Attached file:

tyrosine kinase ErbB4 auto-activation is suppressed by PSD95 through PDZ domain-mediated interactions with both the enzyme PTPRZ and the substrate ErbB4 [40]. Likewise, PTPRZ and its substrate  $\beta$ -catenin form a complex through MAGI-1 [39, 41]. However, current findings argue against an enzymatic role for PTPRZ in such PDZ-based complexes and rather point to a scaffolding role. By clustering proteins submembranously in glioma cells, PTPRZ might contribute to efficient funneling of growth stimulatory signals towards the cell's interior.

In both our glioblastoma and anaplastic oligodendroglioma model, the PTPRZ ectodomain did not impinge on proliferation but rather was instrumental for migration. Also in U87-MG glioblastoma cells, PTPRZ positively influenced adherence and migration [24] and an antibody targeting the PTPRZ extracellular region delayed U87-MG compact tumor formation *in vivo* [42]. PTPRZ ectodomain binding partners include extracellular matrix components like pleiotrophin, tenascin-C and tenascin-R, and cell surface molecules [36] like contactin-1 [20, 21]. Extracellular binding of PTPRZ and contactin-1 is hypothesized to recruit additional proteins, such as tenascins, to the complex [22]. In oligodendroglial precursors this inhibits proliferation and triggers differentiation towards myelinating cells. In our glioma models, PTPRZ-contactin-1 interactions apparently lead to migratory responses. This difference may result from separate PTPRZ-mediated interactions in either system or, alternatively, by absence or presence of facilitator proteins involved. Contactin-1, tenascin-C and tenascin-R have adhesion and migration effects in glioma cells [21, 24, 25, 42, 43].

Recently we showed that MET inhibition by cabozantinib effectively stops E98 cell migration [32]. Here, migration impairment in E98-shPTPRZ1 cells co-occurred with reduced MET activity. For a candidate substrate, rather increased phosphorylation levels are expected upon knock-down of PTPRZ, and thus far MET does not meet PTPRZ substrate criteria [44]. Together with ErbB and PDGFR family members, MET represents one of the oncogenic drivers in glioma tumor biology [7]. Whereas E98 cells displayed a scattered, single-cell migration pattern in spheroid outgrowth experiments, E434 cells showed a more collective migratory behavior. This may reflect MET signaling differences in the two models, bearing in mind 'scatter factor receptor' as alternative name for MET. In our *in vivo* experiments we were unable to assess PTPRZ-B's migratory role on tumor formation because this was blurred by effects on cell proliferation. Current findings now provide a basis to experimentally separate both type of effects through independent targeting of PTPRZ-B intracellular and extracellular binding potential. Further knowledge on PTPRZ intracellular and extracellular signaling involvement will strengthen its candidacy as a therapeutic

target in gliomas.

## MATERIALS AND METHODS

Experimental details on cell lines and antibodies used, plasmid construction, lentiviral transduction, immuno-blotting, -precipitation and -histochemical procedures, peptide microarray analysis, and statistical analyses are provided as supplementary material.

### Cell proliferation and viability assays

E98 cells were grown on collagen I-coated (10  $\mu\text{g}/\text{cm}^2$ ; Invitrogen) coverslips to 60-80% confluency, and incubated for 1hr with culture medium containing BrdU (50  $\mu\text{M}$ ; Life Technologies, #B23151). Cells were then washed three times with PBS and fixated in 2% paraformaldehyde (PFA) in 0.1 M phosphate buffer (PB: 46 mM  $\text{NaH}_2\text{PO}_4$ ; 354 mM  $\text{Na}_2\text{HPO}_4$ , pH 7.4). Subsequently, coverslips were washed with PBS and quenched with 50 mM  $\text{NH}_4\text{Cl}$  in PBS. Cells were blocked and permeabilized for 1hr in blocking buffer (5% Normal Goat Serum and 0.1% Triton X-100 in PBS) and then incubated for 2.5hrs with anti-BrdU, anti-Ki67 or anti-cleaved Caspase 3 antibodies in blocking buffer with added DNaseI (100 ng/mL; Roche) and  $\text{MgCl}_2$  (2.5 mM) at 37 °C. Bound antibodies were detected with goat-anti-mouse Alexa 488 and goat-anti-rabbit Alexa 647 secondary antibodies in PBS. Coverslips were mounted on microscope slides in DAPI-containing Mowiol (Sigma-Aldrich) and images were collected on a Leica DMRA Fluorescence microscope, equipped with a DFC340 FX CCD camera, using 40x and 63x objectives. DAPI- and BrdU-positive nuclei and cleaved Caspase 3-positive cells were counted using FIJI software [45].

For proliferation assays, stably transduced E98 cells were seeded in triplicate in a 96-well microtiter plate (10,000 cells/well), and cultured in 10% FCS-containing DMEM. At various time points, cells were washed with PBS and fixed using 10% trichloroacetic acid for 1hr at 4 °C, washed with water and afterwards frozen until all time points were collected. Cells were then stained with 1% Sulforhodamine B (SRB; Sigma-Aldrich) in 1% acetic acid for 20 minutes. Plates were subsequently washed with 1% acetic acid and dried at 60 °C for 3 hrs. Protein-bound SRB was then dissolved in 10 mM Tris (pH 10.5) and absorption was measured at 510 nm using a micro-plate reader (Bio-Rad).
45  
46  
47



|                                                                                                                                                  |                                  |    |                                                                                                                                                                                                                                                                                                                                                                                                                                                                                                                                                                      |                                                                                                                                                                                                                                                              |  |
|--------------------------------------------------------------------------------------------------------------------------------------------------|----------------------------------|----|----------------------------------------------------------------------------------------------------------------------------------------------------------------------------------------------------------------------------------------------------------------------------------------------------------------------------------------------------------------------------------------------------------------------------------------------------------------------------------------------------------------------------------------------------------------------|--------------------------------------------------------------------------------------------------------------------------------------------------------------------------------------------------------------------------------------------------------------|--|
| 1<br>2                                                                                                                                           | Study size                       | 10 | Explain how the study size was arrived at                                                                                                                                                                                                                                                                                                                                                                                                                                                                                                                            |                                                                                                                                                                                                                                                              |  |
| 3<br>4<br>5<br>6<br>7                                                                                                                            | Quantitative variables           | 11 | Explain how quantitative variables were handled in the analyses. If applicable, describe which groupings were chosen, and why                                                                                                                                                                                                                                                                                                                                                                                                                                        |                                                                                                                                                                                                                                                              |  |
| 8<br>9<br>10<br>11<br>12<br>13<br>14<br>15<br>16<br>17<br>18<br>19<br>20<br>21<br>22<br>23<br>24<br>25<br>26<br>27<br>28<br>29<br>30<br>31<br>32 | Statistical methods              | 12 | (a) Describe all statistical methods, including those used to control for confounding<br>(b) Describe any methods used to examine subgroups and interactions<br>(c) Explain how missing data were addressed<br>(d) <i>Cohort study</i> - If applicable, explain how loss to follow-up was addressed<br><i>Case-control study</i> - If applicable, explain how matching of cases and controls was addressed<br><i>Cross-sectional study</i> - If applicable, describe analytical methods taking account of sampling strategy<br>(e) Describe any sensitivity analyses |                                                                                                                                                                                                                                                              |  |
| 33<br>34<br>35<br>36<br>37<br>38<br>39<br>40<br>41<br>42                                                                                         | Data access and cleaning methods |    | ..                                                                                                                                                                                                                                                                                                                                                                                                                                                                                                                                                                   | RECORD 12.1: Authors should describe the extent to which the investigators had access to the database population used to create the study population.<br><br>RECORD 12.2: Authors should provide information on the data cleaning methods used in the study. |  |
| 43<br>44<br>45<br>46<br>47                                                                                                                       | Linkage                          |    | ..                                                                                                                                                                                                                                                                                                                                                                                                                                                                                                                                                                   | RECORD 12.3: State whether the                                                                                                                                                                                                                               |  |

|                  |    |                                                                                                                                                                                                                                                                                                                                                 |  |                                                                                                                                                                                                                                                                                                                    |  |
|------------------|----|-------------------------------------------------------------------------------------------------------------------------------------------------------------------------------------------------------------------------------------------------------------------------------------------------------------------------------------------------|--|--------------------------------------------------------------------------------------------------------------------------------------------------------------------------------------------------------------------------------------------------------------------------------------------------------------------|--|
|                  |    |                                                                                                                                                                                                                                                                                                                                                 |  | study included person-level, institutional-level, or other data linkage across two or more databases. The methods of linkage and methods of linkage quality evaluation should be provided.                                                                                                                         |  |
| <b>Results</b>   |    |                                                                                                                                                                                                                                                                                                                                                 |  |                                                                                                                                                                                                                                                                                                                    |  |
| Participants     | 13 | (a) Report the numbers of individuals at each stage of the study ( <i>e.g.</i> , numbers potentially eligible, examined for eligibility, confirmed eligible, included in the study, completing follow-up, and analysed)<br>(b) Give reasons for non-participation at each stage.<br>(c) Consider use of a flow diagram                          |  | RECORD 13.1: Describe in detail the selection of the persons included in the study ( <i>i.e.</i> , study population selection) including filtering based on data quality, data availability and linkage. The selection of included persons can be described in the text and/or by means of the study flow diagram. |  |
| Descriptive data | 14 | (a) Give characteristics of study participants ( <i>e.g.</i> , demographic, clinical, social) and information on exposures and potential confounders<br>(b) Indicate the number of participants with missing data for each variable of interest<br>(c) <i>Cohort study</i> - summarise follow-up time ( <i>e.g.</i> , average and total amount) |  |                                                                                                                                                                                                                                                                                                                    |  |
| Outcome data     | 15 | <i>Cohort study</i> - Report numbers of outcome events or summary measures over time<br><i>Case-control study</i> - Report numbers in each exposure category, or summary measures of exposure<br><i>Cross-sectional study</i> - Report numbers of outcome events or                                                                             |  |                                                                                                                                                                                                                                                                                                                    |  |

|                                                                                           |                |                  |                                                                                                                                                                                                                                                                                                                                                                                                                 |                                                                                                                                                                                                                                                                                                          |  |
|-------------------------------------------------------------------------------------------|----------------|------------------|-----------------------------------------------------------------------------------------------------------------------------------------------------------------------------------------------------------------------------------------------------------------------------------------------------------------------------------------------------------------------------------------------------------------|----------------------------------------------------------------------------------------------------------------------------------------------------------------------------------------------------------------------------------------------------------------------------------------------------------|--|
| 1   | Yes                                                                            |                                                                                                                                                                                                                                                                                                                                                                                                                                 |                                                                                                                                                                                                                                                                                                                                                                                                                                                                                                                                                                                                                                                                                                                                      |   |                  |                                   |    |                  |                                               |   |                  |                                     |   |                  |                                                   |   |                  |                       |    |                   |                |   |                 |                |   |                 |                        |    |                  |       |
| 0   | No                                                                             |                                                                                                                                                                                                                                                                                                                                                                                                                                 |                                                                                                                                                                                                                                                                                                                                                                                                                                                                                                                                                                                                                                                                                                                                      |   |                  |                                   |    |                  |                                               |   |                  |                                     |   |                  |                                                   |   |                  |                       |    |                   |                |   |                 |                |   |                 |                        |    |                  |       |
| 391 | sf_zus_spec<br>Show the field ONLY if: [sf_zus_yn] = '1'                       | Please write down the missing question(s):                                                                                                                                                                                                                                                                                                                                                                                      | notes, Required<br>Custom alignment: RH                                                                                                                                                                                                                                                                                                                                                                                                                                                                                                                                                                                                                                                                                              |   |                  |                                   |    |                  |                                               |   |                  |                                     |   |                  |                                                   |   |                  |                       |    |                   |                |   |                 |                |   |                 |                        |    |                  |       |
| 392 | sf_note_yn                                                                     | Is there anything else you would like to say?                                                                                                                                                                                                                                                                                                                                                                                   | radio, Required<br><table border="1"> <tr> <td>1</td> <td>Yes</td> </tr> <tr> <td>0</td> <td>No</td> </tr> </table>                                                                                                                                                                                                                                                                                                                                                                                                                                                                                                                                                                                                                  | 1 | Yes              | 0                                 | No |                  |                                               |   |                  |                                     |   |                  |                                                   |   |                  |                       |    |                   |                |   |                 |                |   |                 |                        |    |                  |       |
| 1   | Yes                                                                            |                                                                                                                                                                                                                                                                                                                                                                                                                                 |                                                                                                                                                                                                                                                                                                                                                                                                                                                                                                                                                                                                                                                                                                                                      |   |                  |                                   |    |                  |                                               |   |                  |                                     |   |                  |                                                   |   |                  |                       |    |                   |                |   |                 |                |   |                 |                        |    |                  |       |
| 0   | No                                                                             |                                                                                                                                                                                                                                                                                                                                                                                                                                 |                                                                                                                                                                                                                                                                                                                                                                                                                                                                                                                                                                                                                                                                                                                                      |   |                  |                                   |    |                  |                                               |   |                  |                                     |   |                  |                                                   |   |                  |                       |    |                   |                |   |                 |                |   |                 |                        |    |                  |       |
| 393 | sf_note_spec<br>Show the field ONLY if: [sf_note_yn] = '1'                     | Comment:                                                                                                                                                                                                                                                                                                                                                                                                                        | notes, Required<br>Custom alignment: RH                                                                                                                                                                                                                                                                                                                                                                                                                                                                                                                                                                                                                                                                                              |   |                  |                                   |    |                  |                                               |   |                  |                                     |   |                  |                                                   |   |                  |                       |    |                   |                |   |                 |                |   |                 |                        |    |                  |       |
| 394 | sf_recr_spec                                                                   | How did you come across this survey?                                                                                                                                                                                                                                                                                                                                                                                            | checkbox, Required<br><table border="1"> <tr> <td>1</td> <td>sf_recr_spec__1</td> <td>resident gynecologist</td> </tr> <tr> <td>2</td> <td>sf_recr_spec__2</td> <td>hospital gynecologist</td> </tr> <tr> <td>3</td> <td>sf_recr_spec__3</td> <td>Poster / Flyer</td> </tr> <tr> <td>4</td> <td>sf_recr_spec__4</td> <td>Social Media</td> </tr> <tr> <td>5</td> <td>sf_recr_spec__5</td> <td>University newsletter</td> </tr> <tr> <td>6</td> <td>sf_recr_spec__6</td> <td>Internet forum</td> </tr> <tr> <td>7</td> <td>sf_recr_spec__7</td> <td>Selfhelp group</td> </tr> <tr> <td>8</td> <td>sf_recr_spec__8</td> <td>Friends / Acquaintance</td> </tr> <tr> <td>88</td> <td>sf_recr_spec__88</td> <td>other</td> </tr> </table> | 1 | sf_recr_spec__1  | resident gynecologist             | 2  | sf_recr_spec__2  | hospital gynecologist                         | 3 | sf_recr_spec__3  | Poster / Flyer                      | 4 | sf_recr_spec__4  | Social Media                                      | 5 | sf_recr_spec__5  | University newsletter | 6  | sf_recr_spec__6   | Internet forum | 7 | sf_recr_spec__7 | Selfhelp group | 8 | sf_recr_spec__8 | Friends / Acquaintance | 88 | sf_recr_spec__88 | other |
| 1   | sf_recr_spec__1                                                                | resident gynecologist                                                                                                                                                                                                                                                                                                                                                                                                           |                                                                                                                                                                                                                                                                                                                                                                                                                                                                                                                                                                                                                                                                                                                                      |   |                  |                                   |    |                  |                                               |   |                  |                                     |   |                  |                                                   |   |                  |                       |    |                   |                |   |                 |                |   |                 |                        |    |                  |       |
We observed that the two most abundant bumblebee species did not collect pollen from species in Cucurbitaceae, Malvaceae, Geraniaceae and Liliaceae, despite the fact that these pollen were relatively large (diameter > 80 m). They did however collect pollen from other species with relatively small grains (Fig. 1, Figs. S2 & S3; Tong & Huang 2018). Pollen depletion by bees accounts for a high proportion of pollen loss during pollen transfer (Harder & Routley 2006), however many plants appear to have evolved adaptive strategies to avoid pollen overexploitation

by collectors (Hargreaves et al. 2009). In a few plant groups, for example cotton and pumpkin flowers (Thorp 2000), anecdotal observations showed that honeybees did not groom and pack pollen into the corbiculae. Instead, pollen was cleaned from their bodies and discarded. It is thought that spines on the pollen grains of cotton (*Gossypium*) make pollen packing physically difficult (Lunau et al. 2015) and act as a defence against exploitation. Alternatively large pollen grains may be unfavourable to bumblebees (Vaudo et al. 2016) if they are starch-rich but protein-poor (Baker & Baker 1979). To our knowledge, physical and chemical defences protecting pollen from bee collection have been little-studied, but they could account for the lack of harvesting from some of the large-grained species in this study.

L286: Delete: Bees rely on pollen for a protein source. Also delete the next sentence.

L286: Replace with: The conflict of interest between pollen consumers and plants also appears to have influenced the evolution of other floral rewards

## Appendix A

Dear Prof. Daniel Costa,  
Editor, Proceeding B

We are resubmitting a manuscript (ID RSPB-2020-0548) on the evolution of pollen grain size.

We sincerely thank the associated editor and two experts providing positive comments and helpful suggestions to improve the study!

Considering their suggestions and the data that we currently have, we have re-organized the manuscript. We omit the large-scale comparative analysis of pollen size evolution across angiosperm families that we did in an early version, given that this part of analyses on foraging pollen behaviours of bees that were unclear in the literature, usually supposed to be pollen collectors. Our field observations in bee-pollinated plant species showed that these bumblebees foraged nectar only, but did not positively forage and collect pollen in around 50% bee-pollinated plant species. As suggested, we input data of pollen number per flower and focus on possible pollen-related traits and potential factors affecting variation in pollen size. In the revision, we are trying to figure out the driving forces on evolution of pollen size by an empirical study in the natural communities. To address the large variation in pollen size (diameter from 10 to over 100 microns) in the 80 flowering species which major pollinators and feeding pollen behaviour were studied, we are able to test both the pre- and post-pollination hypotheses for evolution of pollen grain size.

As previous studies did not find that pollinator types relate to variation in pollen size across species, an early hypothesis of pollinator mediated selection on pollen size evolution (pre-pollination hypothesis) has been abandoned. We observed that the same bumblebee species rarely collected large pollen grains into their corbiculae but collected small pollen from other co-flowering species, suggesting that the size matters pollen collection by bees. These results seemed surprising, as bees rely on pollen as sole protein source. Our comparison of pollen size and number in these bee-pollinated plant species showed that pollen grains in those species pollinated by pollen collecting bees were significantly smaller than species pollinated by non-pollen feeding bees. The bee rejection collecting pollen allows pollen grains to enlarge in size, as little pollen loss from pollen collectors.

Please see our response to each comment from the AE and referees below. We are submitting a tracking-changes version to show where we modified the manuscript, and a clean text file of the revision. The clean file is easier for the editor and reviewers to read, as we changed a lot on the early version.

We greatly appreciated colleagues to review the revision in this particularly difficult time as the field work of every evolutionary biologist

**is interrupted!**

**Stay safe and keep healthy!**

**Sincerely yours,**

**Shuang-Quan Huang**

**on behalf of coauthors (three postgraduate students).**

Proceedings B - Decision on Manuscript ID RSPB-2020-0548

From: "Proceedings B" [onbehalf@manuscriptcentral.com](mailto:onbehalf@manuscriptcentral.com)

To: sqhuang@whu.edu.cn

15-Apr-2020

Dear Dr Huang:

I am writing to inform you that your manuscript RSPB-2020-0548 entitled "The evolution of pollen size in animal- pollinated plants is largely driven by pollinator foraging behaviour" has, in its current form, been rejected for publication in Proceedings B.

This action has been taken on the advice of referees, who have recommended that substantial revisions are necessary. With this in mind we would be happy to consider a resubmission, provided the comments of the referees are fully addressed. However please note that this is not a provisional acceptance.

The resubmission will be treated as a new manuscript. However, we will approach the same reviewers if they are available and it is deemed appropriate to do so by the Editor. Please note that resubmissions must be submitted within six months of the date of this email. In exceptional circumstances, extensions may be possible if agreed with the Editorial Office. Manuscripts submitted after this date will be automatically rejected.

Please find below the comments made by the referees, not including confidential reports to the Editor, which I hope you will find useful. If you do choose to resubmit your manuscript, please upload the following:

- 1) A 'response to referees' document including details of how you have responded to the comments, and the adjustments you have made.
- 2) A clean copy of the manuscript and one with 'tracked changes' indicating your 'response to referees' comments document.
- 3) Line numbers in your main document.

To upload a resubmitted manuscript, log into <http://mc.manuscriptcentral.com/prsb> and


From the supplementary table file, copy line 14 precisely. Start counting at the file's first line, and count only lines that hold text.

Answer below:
|--------------------------------------------------------------------------------------------------------------------------------------------------|----------------------------------|----|----------------------------------------------------------------------------------------------------------------------------------------------------------------------------------------------------------------------------------------------------------------------------------------------------------------------------------------------------------------------------------------------------------------------------------------------------------------------------------------------------------------------------------------------------------------------|--------------------------------------------------------------------------------------------------------------------------------------------------------------------------------------------------------------------------------------------------------------|--|